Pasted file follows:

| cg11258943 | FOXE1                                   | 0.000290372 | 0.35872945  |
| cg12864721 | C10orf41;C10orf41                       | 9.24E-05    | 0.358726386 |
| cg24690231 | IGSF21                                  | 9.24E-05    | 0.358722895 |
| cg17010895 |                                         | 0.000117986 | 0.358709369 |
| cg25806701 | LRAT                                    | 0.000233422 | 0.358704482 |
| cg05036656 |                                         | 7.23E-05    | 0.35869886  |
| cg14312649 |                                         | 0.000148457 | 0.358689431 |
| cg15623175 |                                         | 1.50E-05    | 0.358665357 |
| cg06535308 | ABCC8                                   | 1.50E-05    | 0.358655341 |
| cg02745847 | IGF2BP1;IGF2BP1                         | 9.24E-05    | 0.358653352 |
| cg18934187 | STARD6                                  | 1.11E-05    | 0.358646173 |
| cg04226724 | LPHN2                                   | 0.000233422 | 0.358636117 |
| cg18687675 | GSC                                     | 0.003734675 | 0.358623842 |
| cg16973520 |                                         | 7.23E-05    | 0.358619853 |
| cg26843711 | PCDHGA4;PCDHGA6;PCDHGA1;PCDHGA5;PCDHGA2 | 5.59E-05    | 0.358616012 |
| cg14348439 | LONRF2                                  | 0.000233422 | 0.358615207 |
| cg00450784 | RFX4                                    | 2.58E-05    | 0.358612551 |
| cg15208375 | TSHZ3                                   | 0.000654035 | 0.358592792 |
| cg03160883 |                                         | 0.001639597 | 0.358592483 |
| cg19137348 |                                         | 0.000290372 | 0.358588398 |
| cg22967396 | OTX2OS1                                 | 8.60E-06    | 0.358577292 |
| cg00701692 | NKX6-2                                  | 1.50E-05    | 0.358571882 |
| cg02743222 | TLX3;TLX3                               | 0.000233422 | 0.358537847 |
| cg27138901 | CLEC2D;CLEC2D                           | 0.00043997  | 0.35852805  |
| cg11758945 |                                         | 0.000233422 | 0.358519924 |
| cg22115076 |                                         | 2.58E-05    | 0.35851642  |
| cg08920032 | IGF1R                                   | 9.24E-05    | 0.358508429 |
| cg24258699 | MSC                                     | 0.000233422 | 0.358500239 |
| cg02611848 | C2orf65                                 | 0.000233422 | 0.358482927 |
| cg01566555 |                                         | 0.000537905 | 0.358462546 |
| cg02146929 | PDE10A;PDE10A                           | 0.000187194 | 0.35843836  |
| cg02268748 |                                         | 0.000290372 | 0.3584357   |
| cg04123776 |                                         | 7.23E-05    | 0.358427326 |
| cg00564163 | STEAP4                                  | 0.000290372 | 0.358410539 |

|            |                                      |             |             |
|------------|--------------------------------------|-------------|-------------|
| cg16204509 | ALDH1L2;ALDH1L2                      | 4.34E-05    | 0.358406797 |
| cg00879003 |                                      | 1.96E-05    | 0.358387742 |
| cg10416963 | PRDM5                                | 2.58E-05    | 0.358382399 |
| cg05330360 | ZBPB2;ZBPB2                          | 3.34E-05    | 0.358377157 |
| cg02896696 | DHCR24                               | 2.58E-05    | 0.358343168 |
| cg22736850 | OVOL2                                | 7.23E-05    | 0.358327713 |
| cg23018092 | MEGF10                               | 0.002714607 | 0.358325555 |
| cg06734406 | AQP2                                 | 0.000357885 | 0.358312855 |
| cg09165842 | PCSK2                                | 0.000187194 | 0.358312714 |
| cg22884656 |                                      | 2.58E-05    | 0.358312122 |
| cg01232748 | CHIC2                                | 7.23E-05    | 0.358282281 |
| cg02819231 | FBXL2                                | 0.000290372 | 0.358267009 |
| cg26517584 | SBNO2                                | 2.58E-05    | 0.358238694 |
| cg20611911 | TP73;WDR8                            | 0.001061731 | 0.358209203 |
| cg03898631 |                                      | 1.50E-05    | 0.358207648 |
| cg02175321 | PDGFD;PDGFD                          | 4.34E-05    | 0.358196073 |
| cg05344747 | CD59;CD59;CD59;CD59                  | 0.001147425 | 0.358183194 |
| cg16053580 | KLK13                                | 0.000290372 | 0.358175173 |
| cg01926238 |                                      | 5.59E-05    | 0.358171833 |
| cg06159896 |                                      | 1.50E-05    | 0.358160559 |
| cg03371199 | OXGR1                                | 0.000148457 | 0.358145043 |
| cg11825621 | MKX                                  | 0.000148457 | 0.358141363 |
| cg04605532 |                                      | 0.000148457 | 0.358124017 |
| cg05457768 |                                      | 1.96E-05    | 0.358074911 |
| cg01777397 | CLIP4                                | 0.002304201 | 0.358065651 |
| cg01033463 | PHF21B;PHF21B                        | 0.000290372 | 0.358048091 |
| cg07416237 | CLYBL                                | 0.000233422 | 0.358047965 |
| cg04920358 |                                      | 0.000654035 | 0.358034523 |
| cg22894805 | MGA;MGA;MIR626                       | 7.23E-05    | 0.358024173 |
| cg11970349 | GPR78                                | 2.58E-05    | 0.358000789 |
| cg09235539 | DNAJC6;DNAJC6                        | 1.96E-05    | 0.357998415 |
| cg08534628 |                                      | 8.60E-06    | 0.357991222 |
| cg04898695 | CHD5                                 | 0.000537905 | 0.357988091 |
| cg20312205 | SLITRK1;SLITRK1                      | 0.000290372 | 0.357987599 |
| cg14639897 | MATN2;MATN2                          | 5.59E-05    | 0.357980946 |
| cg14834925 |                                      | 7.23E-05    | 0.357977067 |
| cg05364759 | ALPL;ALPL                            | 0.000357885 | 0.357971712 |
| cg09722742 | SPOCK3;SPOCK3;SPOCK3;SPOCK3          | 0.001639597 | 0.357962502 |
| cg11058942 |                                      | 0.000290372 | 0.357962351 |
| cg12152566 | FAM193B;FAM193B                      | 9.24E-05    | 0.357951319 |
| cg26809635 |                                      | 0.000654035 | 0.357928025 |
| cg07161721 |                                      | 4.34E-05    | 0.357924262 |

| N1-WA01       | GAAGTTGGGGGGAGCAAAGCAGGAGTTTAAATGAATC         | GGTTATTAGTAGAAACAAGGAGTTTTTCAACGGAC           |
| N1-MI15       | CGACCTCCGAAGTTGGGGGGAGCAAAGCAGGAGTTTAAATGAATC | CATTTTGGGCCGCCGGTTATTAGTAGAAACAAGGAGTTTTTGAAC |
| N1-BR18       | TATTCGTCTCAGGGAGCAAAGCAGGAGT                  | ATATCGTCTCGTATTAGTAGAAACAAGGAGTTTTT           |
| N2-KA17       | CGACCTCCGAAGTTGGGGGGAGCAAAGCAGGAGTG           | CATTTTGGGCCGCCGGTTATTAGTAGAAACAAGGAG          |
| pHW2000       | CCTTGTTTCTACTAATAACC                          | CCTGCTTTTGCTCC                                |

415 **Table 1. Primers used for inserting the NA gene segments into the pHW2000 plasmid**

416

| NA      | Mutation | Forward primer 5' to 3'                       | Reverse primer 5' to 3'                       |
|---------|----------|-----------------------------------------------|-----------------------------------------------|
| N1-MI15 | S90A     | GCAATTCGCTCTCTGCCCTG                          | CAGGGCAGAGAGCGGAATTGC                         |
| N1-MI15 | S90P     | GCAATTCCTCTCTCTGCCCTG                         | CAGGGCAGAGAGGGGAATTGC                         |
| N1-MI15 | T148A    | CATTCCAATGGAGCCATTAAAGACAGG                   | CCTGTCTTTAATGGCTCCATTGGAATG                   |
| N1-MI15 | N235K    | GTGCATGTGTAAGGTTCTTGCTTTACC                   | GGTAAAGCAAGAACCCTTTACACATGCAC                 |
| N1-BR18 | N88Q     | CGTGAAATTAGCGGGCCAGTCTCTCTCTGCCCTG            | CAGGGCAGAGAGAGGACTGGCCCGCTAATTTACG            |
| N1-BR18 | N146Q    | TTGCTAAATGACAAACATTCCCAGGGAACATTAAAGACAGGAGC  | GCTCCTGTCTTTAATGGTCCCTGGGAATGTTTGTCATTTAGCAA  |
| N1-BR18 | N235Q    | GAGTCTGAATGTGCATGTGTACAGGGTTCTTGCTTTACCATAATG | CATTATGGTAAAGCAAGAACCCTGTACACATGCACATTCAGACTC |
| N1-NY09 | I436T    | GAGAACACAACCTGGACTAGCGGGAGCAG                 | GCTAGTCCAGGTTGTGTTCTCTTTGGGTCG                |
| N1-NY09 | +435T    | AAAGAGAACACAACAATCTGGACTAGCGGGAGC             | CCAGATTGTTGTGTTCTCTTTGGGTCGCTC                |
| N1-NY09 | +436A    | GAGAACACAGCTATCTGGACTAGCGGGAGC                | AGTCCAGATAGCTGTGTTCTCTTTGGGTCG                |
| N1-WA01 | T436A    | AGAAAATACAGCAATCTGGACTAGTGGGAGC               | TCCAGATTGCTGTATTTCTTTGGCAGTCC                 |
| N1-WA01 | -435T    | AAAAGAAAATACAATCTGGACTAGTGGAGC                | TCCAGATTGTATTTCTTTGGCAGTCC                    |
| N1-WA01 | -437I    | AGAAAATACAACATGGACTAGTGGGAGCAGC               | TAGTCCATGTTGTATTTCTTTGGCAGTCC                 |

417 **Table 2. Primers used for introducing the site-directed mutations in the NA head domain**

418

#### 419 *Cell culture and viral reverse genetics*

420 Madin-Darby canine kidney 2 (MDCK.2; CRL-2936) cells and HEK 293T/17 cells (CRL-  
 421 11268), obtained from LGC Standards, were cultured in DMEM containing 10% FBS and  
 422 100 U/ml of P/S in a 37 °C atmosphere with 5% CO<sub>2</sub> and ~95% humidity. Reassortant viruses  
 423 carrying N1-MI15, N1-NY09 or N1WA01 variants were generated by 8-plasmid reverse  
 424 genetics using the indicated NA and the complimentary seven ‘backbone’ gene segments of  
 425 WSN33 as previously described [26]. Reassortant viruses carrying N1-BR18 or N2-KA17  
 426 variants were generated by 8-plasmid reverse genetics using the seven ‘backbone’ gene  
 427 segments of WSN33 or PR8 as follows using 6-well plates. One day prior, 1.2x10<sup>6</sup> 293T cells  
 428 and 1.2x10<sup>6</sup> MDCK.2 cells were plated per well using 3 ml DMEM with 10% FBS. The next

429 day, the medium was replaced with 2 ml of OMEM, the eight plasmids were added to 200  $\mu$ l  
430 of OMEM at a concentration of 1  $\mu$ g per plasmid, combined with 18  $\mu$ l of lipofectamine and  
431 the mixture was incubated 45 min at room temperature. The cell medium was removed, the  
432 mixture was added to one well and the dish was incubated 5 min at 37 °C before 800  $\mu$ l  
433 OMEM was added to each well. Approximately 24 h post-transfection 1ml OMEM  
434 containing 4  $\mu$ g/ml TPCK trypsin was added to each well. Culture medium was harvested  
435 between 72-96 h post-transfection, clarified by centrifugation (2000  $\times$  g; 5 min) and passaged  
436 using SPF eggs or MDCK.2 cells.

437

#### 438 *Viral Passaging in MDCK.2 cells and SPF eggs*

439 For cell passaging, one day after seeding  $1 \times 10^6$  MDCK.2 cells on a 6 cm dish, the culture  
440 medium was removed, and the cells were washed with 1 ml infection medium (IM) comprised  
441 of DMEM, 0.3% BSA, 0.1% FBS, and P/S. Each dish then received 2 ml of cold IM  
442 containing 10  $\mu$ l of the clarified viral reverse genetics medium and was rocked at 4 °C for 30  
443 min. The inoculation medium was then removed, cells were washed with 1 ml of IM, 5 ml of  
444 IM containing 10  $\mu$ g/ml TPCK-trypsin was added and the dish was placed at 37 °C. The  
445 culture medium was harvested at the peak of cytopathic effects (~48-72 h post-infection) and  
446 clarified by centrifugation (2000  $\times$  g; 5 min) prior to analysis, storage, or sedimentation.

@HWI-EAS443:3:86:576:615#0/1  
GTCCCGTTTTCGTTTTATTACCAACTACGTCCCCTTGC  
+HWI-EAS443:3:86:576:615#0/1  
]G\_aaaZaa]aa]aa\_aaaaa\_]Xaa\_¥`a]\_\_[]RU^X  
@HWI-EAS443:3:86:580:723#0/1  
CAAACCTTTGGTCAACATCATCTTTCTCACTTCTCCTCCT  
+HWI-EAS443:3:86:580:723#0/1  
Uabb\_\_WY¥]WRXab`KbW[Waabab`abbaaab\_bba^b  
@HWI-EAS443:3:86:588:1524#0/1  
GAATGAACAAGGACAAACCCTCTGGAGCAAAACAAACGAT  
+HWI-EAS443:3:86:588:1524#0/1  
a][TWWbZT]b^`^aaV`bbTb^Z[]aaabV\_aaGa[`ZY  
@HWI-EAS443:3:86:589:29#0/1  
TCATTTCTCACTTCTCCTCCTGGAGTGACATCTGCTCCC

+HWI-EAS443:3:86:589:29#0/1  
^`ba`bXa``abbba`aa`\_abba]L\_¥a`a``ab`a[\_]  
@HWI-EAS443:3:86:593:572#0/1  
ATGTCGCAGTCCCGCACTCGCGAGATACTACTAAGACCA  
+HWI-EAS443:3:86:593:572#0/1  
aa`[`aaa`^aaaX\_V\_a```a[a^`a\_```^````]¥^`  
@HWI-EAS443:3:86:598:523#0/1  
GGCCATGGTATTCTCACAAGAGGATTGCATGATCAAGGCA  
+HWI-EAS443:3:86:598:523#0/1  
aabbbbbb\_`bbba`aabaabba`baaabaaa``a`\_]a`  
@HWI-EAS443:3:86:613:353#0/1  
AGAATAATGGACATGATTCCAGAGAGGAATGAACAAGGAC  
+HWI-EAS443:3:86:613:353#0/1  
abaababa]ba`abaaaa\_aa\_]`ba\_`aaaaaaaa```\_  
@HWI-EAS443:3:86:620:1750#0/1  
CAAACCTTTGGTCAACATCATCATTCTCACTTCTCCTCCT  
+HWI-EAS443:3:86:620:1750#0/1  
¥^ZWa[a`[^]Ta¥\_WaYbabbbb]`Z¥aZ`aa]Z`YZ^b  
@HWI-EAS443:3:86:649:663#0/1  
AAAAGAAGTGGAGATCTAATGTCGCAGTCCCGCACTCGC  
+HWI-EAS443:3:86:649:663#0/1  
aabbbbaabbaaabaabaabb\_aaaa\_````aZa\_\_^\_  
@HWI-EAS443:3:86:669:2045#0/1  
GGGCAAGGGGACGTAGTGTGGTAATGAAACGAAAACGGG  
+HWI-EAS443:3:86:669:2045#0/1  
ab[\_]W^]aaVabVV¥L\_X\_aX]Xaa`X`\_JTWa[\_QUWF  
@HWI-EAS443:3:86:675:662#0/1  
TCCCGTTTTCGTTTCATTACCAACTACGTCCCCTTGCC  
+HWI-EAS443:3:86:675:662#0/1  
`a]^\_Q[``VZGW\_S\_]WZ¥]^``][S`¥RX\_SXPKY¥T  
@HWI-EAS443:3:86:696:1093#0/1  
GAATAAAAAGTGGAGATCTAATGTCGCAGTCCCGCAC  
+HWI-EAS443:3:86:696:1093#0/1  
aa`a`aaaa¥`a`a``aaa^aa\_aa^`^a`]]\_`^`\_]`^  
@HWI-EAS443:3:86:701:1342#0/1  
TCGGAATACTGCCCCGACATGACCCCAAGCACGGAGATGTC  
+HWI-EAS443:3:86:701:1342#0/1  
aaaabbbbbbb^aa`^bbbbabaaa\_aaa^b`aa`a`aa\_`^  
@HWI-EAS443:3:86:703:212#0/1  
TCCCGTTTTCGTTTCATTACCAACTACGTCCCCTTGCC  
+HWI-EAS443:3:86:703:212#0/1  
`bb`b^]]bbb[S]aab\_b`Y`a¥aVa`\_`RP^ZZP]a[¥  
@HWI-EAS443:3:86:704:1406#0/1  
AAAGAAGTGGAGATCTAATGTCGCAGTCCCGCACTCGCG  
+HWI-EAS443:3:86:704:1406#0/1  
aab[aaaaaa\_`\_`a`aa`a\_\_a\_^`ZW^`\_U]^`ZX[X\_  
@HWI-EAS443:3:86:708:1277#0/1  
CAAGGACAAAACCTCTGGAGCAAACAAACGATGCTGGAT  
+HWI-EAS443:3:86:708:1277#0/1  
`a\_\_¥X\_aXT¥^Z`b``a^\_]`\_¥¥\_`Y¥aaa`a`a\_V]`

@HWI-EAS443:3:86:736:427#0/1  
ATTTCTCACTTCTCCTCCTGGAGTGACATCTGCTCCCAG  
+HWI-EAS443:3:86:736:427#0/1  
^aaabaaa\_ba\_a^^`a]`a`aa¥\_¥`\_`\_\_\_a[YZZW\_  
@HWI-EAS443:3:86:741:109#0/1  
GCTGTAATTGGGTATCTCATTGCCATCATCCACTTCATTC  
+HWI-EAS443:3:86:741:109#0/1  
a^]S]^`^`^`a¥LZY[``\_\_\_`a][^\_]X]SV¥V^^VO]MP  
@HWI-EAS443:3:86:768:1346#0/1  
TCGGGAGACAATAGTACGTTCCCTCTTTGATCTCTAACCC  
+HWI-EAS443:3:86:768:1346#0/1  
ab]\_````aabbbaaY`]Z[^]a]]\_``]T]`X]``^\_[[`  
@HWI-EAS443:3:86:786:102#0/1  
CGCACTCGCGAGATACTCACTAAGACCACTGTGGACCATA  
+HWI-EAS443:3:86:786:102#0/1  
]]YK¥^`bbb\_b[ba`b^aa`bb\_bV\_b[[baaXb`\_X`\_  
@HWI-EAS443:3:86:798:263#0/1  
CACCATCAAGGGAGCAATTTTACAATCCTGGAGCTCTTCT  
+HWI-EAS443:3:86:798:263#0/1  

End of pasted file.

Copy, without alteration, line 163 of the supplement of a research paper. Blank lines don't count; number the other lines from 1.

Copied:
@HWI-EAS443:3:86:649:663#0/1  